Schengen was formed in 1985 by 26 European countries, 22 from the EU. The principal objective being to create an area with no passport or border controls. There would be free movement to travel around the EU countries for work and to settle.

The EEA was formed in 1994 to include the EU countries and three non-EU countries. It's basic objective is to allow extension of the EU single market to the EFTA states.

With regards to Mr Wicks holding Switzerland in high esteem, a country which has a history of striking agreements over the years to protect its banking industry. I say no more.

So in conclusion I do not consider dealing with the three organisations above is that important in the scheme of things. Negotiations between USA, Russia, China, Europe, Britain, Iran on nuclear development is a big deal

I am fortunate enough to remember pre-January 1, 1973 when Great Britain was free of the EU shackles. Take the North-East – we had thriving steel, chemical, coal, ship building, engineering industries. Tens of thousands of skilled jobs. Okay, one of these industries has expired naturally. What have we got now in place of the thousands of skilled jobs? A Japanese car plant (fair play) and a forest of call centres, but no comparison to the jobs we had.

Thankfully in Darlington we still have a worldwide engineering company, Dorman Long (originally from Teesside) operating internationally (as far as I am aware) and Darlington will benefit from 700 Treasury jobs. But these jobs are no thanks to the EU.

So Mr Wicks, I respectfully suggest instead of pontificating on your knowledge of three relatively small agreements hanging on to the coat tails of the EU you expand to studying the holistic implications of staying in the EU. Ask yourself what is the World Trade Organisation all about? Britain can trade with 166 nations outside the EU. Has the penny dropped?

If anyone needs just one reason why we need to divorce from the bullies in the EU just look at the current performance of distributing the Covid vaccines, Britain has been a resounding success while the EU's performance has been a shambolic, incompetent mess.

Trevor Nicholson, Leeming.


THE wilful damage caused by demonstrators in Bristol is disgraceful but I think an in-depth review needs to take place.

I regularly query issues with my MP about what I think are serious issues. They include:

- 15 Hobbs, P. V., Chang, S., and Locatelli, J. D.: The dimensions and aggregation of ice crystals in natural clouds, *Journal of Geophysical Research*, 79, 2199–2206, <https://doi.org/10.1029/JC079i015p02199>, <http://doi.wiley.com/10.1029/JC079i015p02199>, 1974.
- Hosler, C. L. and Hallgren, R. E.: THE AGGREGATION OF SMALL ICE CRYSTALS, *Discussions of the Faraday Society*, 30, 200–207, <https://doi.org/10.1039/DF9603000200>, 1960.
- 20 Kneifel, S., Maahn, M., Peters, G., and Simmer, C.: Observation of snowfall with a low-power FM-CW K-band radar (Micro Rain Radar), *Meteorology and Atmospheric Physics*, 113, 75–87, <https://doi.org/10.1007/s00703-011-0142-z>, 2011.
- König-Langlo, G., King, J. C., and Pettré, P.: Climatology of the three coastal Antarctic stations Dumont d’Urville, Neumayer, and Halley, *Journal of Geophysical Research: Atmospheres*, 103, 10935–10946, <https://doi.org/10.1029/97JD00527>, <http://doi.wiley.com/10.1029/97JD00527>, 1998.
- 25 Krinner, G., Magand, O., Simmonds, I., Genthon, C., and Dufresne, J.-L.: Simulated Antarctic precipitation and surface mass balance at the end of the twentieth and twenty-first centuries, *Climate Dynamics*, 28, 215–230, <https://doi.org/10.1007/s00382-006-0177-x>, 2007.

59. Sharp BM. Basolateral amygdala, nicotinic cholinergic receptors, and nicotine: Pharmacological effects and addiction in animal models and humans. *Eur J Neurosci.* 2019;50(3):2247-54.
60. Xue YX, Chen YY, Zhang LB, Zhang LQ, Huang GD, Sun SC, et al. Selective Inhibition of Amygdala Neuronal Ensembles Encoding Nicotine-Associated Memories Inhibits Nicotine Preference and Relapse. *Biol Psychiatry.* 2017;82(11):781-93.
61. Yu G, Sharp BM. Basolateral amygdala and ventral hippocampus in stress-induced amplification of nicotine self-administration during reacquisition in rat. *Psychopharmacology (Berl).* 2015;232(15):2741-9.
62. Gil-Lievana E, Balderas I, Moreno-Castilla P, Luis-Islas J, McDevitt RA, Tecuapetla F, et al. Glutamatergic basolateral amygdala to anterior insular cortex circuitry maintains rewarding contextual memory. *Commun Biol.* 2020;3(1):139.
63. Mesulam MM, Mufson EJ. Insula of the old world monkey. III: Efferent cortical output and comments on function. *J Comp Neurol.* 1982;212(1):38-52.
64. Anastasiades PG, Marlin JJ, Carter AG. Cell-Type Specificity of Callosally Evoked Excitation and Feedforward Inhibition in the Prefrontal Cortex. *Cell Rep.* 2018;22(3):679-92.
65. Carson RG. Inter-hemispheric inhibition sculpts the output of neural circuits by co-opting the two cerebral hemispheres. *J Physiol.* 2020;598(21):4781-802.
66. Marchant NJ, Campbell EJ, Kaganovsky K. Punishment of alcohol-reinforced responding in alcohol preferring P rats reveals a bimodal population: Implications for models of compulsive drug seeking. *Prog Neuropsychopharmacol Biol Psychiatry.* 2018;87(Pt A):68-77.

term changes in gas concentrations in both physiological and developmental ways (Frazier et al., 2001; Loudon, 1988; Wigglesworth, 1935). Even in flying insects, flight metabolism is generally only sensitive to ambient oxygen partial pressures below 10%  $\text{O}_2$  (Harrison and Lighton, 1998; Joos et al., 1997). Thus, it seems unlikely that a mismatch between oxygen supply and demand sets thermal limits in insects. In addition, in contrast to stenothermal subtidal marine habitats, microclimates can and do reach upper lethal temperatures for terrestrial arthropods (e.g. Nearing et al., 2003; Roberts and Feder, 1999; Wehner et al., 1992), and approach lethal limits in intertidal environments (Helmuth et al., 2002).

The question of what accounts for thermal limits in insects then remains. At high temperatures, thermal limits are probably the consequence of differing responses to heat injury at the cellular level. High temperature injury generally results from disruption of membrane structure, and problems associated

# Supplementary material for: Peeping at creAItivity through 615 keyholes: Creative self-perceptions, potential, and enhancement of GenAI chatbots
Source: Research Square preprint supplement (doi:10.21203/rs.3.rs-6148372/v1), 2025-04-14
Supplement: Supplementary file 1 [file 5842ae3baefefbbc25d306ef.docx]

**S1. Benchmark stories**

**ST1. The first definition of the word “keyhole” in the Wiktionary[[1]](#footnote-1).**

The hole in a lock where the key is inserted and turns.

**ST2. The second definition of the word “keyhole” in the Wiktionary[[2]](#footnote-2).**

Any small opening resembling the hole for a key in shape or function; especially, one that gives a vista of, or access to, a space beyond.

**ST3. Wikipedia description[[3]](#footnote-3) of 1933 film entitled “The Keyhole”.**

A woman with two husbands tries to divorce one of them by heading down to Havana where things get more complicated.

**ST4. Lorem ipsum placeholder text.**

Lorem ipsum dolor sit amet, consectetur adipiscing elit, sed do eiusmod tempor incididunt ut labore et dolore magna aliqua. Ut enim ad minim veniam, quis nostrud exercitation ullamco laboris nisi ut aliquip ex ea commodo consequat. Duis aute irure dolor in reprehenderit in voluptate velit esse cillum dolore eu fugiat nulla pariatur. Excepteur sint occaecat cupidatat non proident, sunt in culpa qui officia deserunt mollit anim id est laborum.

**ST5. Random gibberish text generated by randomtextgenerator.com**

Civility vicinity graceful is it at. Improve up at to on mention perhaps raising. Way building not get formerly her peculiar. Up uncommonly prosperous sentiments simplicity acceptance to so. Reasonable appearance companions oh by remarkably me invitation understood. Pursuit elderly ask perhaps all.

1.The Grenfell Tower fire and the lack of progress.

2.The working practices of Richmondshire District Council which do not comply with the rules of any private company.

3.The lack of thought in lifting the rules after the first Covid-19 lockdown.

I get so frustrated. If my MP or councillor gives trivial replies, and if I point out mistakes to normal working practices, they change the goal posts or simply do not reply.

I am sure that if the peaceful demonstrators at Clapham Common or Bristol wrote to the authorities, very few replies would be forthcoming. I believe it is understandable why people feel the need to demonstrate, unfortunately in Bristol this demonstration was overtaken by pure thugs.

Brian Tyldesley, Middleham.

Good Samaritans

ON Saturday I tripped, not for the first time, on the uneven Richmond pavements, landing heavily on my knees and shoulder close to the kerb. In an instant two men and two women were by my side picking up my bags and my glasses. After a few minutes, they were able to haul me to my feet. The nearby butcher had, meanwhile, brought out a chair for me to sit on.

Someone rang my husband who arrived quickly but the four people stayed with me until I was safely in the car. I just want to thank these unknown helpers. It is good to know that Good Samaritans are still to be found on our streets.

Daphne Clarke, Richmond.

Time for change

I WRITE in response to Bernard Borman's ode to feudalism "Loyalty to royalty" (D&S Times letters, Mar 19), I truly cannot believe such dizzying levels of toadying towards the monarchy. Surely it’s time for us to redesign a better system of Government. The Queen may have presided over the last death rattle of the British Empire, but surely it’s time to allow her Madge to stand down and spare us the horror show that will be King Charles III.

Mr Borman's criticism of Harry and Meghan reflects poorly on him. They are telling their story as they see it and should be respected. I’m sure the Queen, with her immense wealth and power, won’t lose any sleep over it as long as there is people like the Mr Borman tugging his forelock.

God Save the Queen... tourists are money!

Jonathan Dobson, Darlington.